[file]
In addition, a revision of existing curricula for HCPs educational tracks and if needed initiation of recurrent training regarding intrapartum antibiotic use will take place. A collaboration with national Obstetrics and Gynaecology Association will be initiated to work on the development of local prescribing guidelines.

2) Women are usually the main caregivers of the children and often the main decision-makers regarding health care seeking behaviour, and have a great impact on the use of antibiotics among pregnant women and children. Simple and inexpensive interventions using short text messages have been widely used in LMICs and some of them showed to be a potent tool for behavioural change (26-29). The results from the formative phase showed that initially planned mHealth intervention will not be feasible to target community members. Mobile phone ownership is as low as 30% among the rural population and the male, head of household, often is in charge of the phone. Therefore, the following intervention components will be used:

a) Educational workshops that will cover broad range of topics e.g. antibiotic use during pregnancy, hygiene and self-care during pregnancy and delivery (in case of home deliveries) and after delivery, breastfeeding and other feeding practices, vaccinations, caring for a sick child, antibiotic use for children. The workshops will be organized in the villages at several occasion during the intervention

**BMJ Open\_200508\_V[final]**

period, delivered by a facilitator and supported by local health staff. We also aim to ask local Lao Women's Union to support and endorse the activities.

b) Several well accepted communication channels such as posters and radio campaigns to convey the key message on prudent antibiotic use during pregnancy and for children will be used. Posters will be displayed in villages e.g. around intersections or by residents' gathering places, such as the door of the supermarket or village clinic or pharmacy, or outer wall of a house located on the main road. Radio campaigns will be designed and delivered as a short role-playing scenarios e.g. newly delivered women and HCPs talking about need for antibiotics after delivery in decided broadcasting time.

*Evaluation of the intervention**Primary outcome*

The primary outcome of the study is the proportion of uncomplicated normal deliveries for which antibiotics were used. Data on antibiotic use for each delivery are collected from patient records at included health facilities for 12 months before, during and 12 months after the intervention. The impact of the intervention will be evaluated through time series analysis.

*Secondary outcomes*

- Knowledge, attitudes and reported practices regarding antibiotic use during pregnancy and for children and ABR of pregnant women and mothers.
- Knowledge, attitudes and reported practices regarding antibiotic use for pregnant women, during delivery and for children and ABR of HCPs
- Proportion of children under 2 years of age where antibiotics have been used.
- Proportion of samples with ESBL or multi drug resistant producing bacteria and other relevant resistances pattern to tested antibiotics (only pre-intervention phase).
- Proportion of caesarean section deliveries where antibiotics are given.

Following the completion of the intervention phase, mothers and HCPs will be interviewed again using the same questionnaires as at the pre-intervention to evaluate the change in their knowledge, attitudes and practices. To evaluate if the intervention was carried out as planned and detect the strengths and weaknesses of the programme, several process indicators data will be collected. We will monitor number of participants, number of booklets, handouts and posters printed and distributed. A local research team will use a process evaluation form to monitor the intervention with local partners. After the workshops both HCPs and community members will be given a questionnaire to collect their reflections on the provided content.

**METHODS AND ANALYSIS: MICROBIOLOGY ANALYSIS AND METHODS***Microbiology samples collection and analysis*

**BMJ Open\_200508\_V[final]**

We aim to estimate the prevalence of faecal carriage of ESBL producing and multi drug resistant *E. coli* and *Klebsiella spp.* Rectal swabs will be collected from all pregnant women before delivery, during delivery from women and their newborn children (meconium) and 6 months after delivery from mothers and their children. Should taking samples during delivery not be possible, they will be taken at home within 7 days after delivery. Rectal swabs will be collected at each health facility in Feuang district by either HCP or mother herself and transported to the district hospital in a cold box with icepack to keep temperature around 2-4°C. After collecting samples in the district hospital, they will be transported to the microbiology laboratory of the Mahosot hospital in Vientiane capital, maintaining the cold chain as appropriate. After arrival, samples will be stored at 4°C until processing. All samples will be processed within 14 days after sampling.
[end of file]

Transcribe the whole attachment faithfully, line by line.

In addition, a revision of existing curricula for HCPs educational tracks and if needed initiation of recurrent training regarding intrapartum antibiotic use will take place. A collaboration with national Obstetrics and Gynaecology Association will be initiated to work on the development of local prescribing guidelines.

2) Women are usually the main caregivers of the children and often the main decision-makers regarding health care seeking behaviour, and have a great impact on the use of antibiotics among pregnant women and children. Simple and inexpensive interventions using short text messages have been widely used in LMICs and some of them showed to be a potent tool for behavioural change (26-29). The results from the formative phase showed that initially planned mHealth intervention will not be feasible to target community members. Mobile phone ownership is as low as 30% among the rural population and the male, head of household, often is in charge of the phone. Therefore, the following intervention components will be used:

a) Educational workshops that will cover broad range of topics e.g. antibiotic use during pregnancy, hygiene and self-care during pregnancy and delivery (in case of home deliveries) and after delivery, breastfeeding and other feeding practices, vaccinations, caring for a sick child, antibiotic use for children. The workshops will be organized in the villages at several occasion during the intervention

**BMJ Open\_200508\_V[final]**

period, delivered by a facilitator and supported by local health staff. We also aim to ask local Lao Women's Union to support and endorse the activities.

b) Several well accepted communication channels such as posters and radio campaigns to convey the key message on prudent antibiotic use during pregnancy and for children will be used. Posters will be displayed in villages e.g. around intersections or by residents' gathering places, such as the door of the supermarket or village clinic or pharmacy, or outer wall of a house located on the main road. Radio campaigns will be designed and delivered as a short role-playing scenarios e.g. newly delivered women and HCPs talking about need for antibiotics after delivery in decided broadcasting time.

*Evaluation of the intervention**Primary outcome*

The primary outcome of the study is the proportion of uncomplicated normal deliveries for which antibiotics were used. Data on antibiotic use for each delivery are collected from patient records at included health facilities for 12 months before, during and 12 months after the intervention. The impact of the intervention will be evaluated through time series analysis.

*Secondary outcomes*

- Knowledge, attitudes and reported practices regarding antibiotic use during pregnancy and for children and ABR of pregnant women and mothers.
- Knowledge, attitudes and reported practices regarding antibiotic use for pregnant women, during delivery and for children and ABR of HCPs
- Proportion of children under 2 years of age where antibiotics have been used.
- Proportion of samples with ESBL or multi drug resistant producing bacteria and other relevant resistances pattern to tested antibiotics (only pre-intervention phase).
- Proportion of caesarean section deliveries where antibiotics are given.

Following the completion of the intervention phase, mothers and HCPs will be interviewed again using the same questionnaires as at the pre-intervention to evaluate the change in their knowledge, attitudes and practices. To evaluate if the intervention was carried out as planned and detect the strengths and weaknesses of the programme, several process indicators data will be collected. We will monitor number of participants, number of booklets, handouts and posters printed and distributed. A local research team will use a process evaluation form to monitor the intervention with local partners. After the workshops both HCPs and community members will be given a questionnaire to collect their reflections on the provided content.

**METHODS AND ANALYSIS: MICROBIOLOGY ANALYSIS AND METHODS***Microbiology samples collection and analysis*

**BMJ Open\_200508\_V[final]**

We aim to estimate the prevalence of faecal carriage of ESBL producing and multi drug resistant *E. coli* and *Klebsiella spp.* Rectal swabs will be collected from all pregnant women before delivery, during delivery from women and their newborn children (meconium) and 6 months after delivery from mothers and their children. Should taking samples during delivery not be possible, they will be taken at home within 7 days after delivery. Rectal swabs will be collected at each health facility in Feuang district by either HCP or mother herself and transported to the district hospital in a cold box with icepack to keep temperature around 2-4°C. After collecting samples in the district hospital, they will be transported to the microbiology laboratory of the Mahosot hospital in Vientiane capital, maintaining the cold chain as appropriate. After arrival, samples will be stored at 4°C until processing. All samples will be processed within 14 days after sampling.